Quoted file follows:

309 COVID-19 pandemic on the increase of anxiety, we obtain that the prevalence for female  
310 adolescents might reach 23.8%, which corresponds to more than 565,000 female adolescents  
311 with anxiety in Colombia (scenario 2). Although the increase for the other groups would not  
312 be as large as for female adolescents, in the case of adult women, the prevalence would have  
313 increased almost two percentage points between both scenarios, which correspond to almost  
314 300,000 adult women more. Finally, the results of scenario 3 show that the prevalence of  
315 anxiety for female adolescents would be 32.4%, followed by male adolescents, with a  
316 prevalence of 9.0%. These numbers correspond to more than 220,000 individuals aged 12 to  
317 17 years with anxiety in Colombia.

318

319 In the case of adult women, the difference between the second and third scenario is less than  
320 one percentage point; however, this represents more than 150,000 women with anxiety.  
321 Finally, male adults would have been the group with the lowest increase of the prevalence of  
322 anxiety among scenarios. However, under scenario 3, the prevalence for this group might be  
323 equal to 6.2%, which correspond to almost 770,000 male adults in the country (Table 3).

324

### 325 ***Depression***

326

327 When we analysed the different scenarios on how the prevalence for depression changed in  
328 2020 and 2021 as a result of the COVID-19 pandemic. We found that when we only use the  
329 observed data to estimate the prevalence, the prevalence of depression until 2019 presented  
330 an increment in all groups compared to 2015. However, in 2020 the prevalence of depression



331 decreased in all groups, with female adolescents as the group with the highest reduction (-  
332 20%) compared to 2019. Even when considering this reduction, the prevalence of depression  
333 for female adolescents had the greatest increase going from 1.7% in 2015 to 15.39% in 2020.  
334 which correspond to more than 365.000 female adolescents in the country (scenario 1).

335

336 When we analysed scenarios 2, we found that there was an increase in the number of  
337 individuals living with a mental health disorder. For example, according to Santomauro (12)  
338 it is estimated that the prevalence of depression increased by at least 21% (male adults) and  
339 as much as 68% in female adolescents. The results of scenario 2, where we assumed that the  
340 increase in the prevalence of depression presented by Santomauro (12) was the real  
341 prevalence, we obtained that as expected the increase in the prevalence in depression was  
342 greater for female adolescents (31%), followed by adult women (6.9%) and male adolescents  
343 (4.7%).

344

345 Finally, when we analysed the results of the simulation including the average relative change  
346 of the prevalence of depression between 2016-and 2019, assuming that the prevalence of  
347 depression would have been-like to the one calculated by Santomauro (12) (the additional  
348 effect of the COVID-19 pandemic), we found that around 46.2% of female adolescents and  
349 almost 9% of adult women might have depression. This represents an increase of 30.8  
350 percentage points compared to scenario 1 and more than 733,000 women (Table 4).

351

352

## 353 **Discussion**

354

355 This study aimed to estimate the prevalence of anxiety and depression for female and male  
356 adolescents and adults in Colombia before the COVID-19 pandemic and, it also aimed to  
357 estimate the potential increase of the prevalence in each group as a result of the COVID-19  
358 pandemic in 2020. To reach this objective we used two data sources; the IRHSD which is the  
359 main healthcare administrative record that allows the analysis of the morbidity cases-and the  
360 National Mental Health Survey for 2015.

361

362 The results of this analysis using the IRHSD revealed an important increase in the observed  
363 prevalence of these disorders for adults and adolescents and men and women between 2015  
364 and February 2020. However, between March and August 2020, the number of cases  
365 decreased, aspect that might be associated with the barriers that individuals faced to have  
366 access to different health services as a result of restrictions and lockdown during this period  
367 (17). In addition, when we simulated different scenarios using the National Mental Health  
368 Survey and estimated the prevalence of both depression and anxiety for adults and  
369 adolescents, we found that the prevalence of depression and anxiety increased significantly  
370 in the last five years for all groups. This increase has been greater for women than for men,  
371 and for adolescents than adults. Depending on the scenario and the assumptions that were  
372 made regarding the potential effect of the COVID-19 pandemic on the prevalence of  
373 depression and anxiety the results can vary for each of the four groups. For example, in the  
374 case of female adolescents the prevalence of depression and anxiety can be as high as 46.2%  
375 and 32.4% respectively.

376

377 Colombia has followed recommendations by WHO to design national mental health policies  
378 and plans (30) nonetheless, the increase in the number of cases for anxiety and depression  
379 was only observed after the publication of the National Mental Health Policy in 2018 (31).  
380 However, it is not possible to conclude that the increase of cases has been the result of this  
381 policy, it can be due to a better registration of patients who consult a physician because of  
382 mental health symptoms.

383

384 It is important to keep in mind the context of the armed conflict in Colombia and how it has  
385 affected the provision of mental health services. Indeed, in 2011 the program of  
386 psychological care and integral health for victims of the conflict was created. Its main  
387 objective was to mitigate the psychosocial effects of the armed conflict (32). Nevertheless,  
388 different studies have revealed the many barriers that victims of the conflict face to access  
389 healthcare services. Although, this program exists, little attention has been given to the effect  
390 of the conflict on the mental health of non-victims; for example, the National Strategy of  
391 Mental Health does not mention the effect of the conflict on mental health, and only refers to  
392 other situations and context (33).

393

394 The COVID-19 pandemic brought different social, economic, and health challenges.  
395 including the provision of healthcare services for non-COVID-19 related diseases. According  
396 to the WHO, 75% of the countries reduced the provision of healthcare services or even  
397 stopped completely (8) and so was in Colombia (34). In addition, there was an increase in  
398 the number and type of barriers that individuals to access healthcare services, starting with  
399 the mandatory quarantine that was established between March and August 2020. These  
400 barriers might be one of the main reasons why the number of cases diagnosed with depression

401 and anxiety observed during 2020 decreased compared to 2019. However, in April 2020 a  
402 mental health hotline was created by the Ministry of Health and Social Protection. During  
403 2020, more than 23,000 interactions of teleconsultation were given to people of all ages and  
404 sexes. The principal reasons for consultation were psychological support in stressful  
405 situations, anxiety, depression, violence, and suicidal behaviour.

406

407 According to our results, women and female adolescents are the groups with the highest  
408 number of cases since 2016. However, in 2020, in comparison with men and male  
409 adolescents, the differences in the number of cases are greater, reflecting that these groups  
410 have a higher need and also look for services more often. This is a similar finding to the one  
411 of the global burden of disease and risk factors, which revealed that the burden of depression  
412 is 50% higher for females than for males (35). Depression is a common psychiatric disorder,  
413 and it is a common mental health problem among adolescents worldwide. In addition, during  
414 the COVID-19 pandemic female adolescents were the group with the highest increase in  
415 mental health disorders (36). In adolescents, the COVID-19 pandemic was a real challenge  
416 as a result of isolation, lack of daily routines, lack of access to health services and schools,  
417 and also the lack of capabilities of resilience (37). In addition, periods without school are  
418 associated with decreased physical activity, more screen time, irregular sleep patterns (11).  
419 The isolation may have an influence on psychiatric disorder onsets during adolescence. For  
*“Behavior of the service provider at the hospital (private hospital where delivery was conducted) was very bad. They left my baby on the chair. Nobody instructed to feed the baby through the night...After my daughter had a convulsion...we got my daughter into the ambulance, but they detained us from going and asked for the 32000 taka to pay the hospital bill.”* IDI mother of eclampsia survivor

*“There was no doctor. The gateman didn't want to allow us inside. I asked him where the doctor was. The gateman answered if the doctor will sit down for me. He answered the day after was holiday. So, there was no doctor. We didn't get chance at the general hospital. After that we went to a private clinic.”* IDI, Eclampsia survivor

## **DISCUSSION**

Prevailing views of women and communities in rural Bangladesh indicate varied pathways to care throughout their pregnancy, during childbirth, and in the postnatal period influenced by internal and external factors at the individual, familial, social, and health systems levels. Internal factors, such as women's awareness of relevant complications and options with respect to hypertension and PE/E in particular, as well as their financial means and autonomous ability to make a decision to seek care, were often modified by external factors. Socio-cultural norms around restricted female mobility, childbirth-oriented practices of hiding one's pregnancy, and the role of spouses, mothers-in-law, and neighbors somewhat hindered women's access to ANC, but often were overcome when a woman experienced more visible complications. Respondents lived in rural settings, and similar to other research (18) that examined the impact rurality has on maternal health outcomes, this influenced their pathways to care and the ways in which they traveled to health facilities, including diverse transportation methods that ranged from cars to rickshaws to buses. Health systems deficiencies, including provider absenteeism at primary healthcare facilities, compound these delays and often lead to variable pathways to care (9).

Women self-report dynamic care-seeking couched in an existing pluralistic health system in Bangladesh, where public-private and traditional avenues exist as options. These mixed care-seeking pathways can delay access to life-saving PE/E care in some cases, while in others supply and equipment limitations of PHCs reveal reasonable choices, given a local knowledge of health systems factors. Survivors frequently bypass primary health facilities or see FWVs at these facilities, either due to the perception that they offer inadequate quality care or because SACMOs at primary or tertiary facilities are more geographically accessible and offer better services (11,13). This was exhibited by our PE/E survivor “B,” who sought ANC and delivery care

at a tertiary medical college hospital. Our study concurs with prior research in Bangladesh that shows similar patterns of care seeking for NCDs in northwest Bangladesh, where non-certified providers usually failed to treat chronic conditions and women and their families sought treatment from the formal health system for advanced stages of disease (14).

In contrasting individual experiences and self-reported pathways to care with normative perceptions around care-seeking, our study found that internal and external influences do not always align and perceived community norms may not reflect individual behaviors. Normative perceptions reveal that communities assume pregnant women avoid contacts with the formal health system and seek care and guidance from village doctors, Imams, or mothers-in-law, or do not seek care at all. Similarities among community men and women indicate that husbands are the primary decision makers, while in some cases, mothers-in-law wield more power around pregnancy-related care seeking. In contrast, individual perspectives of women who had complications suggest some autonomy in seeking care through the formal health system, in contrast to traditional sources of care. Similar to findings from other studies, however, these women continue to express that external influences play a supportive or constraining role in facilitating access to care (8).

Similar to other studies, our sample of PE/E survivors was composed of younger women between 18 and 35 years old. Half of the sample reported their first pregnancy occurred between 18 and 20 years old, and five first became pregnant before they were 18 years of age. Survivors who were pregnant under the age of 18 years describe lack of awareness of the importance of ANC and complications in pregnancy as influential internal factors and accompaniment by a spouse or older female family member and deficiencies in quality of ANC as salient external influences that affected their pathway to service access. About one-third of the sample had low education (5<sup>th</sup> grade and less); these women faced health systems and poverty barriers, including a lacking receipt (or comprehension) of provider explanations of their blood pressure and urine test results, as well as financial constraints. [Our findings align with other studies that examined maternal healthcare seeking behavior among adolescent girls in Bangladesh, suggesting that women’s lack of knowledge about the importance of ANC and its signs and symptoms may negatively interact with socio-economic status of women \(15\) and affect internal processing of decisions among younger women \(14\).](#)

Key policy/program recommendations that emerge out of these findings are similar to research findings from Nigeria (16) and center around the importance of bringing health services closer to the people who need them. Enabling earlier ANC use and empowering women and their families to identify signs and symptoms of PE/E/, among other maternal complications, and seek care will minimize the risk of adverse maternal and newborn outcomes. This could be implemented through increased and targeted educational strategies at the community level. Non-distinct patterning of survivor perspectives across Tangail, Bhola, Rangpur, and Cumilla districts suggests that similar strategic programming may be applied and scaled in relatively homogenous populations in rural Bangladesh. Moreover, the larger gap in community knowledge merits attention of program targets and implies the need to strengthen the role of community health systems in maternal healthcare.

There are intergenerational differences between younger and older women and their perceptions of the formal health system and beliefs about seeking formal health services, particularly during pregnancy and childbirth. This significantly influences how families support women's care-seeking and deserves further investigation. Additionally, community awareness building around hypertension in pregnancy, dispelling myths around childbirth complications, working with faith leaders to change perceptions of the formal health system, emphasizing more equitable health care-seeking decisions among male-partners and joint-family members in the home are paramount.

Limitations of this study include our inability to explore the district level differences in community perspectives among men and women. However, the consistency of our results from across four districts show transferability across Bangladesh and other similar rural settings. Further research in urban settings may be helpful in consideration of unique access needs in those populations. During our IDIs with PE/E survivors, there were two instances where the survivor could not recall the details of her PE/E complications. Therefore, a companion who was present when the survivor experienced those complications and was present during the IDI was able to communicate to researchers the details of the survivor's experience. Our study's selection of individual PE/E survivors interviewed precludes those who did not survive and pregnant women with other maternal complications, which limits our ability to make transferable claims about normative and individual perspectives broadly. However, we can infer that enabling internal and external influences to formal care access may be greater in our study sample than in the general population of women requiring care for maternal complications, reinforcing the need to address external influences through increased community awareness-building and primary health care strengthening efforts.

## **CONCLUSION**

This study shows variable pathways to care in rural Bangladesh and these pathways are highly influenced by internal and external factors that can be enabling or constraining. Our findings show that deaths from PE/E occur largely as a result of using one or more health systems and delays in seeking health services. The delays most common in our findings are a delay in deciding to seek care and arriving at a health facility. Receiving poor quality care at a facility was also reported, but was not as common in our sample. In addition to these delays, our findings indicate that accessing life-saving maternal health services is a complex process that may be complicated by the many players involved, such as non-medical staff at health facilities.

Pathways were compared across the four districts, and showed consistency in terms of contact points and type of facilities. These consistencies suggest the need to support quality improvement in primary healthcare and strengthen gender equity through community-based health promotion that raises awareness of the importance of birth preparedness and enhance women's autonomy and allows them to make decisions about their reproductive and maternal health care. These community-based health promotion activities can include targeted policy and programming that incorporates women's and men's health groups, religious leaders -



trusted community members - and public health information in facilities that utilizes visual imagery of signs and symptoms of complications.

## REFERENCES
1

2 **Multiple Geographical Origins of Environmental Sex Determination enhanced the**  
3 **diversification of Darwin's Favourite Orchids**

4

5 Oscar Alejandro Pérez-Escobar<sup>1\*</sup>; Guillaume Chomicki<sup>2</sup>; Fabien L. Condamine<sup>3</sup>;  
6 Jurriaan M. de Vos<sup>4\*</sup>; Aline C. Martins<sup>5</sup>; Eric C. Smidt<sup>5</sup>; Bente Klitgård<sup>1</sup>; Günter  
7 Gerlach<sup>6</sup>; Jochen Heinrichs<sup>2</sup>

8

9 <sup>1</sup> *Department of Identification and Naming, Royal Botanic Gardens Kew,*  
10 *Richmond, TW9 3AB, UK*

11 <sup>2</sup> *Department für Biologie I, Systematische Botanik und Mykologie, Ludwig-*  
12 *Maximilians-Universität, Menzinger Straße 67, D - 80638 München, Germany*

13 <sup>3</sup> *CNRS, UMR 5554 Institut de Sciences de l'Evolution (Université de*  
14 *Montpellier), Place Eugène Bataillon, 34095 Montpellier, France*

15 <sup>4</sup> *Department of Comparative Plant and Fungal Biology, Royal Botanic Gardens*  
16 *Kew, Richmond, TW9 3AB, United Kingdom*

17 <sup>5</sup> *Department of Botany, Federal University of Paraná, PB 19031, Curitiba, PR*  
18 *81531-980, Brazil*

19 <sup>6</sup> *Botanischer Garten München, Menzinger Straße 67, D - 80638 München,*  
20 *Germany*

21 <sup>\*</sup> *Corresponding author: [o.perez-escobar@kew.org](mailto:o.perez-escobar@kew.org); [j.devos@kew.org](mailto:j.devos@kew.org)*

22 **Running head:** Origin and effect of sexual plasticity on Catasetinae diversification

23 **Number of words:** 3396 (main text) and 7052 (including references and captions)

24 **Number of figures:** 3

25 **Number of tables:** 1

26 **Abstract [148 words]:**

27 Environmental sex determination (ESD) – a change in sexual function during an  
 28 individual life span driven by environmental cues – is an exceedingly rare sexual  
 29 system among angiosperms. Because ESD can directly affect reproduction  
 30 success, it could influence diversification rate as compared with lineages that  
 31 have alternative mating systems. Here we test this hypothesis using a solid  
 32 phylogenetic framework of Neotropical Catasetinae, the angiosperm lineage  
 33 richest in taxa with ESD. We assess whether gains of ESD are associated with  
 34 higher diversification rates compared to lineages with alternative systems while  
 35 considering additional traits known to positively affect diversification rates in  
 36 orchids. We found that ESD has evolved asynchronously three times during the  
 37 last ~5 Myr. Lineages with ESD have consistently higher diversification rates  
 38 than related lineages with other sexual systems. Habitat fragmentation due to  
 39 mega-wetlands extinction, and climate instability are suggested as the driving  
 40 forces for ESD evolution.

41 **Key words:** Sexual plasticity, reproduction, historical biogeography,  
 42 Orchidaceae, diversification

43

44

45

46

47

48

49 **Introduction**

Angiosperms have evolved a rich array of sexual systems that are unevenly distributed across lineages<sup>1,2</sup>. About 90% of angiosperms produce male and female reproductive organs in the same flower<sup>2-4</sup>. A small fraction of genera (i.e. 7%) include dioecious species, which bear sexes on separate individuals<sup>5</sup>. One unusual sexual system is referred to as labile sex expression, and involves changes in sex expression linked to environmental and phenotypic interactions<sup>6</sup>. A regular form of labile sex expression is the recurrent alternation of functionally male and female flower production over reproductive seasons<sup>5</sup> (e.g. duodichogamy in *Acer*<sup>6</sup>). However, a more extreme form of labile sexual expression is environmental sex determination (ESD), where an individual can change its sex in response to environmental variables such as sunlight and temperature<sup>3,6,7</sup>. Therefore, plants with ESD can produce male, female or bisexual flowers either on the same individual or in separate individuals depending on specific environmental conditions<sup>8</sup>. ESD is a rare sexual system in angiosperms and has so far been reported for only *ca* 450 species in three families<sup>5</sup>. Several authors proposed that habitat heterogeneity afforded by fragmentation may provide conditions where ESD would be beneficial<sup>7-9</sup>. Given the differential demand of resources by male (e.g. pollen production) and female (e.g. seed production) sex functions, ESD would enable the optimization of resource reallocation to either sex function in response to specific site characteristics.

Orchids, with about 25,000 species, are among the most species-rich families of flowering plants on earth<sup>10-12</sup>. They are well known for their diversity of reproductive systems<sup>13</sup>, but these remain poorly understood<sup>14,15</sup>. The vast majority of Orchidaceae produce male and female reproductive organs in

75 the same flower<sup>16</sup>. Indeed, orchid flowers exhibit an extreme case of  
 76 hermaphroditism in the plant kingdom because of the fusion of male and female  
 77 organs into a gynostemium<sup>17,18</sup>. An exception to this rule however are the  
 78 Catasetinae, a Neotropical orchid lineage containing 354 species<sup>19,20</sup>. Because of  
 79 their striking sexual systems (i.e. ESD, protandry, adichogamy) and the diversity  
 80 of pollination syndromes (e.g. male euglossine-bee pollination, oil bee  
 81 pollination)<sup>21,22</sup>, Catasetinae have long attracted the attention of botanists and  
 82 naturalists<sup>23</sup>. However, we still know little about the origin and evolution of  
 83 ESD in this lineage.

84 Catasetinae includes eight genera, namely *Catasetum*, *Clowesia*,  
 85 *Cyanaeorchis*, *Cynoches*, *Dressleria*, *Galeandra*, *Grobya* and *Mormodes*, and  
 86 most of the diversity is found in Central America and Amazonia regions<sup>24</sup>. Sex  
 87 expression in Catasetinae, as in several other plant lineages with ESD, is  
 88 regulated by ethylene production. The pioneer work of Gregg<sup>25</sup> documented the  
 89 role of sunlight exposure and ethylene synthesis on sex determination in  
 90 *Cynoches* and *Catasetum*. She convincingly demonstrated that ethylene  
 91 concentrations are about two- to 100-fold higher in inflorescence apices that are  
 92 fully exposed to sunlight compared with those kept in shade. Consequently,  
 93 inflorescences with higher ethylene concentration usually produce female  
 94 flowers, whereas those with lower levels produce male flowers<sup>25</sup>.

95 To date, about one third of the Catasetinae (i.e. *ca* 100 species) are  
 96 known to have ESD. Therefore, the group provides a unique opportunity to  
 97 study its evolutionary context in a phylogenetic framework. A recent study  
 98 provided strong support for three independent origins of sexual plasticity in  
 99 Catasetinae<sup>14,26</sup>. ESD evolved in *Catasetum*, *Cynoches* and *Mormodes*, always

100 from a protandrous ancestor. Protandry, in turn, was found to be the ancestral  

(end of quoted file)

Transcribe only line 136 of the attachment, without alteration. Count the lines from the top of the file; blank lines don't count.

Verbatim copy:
9 <sup>1</sup> *Department of Identification and Naming, Royal Botanic Gardens Kew,*  